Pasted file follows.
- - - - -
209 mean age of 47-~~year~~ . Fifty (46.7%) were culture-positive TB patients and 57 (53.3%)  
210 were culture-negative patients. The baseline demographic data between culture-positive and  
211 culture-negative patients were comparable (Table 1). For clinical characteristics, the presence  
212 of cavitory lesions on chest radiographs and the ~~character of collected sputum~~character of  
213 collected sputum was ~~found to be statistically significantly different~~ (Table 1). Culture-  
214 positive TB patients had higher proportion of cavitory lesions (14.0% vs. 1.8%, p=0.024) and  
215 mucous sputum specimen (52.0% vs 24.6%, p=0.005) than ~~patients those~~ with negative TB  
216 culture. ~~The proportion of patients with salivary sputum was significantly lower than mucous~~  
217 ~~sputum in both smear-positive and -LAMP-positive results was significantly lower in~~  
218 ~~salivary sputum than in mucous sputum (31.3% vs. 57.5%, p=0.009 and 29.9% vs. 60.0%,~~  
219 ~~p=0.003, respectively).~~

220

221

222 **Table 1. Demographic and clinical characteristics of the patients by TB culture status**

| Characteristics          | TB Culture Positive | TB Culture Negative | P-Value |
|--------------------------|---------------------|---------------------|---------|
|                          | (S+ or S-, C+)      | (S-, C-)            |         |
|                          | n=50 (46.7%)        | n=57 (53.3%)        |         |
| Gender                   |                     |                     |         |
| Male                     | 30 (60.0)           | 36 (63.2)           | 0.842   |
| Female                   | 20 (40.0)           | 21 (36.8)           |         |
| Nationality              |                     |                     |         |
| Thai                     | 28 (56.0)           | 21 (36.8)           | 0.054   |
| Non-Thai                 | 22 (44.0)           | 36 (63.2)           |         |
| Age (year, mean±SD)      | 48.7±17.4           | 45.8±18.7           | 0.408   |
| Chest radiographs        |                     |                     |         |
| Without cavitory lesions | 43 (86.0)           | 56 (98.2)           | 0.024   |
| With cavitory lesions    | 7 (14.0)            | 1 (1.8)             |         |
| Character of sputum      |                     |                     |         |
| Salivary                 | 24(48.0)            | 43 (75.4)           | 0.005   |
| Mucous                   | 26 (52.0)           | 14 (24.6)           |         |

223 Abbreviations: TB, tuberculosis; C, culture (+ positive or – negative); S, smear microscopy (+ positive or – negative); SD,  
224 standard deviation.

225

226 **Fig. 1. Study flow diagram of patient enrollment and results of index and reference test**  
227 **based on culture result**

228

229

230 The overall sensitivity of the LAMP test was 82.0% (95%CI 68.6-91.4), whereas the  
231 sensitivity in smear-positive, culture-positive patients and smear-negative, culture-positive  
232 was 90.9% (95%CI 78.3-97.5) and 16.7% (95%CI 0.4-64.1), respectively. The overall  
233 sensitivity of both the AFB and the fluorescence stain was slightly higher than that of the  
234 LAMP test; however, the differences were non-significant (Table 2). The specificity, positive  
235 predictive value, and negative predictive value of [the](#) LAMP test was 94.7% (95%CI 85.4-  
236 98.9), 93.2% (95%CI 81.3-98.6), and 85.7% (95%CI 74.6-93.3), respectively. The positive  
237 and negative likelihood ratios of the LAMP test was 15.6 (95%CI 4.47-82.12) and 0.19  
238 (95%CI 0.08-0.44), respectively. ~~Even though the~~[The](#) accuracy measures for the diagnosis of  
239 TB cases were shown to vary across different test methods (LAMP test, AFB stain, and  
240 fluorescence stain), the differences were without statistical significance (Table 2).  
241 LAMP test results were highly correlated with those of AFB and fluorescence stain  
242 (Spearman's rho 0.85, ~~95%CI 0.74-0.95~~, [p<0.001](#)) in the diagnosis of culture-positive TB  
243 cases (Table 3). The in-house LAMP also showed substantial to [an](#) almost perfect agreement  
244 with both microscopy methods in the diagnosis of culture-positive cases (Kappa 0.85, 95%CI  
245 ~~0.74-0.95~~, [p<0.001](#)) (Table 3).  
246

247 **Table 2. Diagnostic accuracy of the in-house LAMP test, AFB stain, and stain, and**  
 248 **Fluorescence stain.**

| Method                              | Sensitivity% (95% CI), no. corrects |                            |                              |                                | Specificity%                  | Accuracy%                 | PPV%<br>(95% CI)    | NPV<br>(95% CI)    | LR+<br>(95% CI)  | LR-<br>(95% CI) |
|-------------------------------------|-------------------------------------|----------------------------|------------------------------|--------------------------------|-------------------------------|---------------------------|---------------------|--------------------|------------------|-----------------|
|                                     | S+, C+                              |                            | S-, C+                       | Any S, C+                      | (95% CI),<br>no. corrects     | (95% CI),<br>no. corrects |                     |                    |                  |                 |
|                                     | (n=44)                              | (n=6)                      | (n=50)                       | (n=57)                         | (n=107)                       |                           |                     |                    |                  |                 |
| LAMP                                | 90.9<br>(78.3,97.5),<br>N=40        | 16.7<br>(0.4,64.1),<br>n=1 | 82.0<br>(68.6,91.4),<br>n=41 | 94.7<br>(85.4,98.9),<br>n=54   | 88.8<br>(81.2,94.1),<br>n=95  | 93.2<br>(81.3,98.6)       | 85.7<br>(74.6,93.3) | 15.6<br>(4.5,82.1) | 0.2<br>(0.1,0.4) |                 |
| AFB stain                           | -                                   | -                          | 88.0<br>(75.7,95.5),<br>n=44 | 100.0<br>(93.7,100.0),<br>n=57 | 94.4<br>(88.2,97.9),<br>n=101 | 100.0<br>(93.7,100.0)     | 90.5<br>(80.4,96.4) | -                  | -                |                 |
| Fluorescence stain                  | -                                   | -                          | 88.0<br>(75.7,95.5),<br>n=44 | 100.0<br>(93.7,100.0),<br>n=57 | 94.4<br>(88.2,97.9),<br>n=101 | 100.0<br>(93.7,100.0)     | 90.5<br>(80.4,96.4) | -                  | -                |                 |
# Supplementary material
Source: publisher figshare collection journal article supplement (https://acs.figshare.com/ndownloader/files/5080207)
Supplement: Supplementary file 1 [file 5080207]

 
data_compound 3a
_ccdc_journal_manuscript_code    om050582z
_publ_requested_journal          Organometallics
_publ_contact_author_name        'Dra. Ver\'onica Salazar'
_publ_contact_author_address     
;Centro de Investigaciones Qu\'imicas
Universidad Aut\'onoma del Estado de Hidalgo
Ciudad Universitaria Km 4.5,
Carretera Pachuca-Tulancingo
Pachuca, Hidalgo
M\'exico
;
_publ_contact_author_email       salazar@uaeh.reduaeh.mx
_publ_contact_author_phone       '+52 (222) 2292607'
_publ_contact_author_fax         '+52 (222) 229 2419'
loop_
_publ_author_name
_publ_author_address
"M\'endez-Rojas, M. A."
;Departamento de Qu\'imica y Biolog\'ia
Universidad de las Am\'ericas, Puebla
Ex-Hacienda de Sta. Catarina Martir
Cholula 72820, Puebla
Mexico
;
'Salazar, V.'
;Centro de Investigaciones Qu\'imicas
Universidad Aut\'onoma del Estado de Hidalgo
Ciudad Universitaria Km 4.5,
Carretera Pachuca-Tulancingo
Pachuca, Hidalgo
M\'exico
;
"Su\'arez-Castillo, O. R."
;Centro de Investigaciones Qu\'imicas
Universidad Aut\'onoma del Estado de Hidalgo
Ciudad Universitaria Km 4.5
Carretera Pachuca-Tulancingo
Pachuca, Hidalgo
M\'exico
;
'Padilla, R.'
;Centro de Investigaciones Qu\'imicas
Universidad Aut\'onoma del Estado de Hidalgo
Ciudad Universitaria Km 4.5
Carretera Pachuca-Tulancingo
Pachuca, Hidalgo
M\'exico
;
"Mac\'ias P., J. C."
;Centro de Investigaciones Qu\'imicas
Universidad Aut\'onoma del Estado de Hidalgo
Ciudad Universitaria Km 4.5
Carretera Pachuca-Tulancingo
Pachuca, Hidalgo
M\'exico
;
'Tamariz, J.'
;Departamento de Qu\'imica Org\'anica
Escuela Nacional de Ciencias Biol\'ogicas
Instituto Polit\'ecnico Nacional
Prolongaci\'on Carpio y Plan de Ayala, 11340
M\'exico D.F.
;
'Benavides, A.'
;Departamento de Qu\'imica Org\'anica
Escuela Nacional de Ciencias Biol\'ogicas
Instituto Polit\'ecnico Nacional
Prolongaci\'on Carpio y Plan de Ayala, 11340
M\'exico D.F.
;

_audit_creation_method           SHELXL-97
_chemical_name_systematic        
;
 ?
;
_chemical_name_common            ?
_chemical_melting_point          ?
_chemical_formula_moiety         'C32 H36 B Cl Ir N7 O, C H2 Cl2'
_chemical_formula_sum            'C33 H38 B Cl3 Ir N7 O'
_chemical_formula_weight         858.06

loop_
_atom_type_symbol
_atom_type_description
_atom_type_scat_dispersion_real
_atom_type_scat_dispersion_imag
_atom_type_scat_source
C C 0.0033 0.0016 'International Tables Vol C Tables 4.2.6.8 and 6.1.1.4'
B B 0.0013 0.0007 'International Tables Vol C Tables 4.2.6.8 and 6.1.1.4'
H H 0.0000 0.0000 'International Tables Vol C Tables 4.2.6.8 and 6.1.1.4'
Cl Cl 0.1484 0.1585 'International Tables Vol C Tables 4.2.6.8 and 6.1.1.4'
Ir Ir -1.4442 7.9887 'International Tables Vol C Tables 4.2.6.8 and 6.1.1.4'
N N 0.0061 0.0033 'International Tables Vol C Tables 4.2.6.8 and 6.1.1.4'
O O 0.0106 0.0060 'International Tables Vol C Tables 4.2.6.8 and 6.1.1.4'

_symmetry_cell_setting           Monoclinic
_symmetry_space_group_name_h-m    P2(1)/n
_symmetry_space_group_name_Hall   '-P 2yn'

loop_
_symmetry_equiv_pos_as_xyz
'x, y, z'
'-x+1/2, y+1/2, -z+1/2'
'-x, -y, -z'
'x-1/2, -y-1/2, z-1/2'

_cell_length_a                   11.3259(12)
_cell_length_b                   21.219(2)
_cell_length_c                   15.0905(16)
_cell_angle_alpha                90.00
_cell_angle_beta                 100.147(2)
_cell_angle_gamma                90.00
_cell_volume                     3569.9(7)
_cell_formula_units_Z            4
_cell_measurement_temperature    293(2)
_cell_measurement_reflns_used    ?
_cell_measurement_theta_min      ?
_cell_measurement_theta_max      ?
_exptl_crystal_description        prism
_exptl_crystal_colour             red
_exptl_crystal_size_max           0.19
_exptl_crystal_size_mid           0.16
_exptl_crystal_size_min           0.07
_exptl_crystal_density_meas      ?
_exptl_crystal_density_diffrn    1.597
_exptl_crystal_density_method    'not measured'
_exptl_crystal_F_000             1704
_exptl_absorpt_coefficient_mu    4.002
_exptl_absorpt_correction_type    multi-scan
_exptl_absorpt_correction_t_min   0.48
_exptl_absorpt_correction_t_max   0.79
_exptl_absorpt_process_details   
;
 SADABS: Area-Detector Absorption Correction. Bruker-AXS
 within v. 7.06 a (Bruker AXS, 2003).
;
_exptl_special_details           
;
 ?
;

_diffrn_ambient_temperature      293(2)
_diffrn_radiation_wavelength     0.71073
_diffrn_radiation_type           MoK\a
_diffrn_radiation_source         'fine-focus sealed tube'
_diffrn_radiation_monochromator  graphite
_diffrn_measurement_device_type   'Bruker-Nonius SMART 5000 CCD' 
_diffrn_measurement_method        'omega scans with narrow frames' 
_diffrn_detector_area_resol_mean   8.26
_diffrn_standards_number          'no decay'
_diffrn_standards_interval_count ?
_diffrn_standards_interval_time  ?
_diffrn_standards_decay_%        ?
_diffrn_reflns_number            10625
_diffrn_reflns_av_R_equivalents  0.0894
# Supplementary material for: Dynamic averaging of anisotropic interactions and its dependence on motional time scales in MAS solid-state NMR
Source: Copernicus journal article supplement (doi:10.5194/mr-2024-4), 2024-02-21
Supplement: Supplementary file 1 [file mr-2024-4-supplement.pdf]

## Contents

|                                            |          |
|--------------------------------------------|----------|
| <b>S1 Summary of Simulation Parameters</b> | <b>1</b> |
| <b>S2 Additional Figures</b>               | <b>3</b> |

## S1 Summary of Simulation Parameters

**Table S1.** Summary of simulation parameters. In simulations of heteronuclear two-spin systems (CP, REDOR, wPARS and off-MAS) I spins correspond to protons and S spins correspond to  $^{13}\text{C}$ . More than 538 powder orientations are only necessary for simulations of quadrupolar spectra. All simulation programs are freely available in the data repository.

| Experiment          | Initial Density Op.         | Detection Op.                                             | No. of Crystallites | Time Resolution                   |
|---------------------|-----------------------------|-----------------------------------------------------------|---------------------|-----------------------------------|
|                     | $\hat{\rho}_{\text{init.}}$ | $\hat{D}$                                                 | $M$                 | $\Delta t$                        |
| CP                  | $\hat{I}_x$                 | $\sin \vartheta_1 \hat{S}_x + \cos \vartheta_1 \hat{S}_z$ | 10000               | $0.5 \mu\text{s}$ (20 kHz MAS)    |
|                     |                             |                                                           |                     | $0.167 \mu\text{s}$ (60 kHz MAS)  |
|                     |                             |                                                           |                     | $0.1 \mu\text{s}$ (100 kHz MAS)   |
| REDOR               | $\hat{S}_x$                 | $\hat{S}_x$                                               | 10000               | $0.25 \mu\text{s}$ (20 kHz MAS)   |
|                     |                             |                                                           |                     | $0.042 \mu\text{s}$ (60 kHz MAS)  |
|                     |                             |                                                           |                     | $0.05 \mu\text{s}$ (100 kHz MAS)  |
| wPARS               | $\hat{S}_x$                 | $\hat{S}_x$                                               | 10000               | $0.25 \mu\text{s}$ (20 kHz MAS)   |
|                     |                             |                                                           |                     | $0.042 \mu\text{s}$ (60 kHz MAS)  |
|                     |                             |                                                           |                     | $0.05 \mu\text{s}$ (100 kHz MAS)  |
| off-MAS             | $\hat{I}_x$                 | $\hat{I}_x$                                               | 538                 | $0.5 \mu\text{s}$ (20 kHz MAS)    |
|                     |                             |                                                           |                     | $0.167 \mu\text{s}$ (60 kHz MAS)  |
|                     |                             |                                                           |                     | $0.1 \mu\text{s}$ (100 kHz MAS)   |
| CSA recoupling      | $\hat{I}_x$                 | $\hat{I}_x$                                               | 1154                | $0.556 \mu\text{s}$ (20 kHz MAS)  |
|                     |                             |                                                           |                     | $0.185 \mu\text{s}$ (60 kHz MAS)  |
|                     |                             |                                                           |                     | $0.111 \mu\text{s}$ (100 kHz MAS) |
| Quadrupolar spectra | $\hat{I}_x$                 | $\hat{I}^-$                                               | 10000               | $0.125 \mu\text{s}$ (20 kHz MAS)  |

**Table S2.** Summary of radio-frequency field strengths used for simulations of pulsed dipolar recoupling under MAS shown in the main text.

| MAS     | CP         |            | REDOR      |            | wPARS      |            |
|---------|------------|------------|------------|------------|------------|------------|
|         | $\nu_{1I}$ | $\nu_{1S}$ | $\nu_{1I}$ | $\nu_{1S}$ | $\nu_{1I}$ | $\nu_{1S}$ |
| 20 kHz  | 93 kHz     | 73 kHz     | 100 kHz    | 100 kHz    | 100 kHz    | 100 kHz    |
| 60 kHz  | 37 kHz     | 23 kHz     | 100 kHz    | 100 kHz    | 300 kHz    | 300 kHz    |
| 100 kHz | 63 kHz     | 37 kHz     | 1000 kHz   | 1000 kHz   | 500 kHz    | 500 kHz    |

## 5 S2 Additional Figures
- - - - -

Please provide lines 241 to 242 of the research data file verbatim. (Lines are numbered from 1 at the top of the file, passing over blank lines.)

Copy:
| off-MAS             | $\hat{I}_x$                 | $\hat{I}_x$                                               | 538                 | $0.5 \mu\text{s}$ (20 kHz MAS)    |
|                     |                             |                                                           |                     | $0.167 \mu\text{s}$ (60 kHz MAS)  |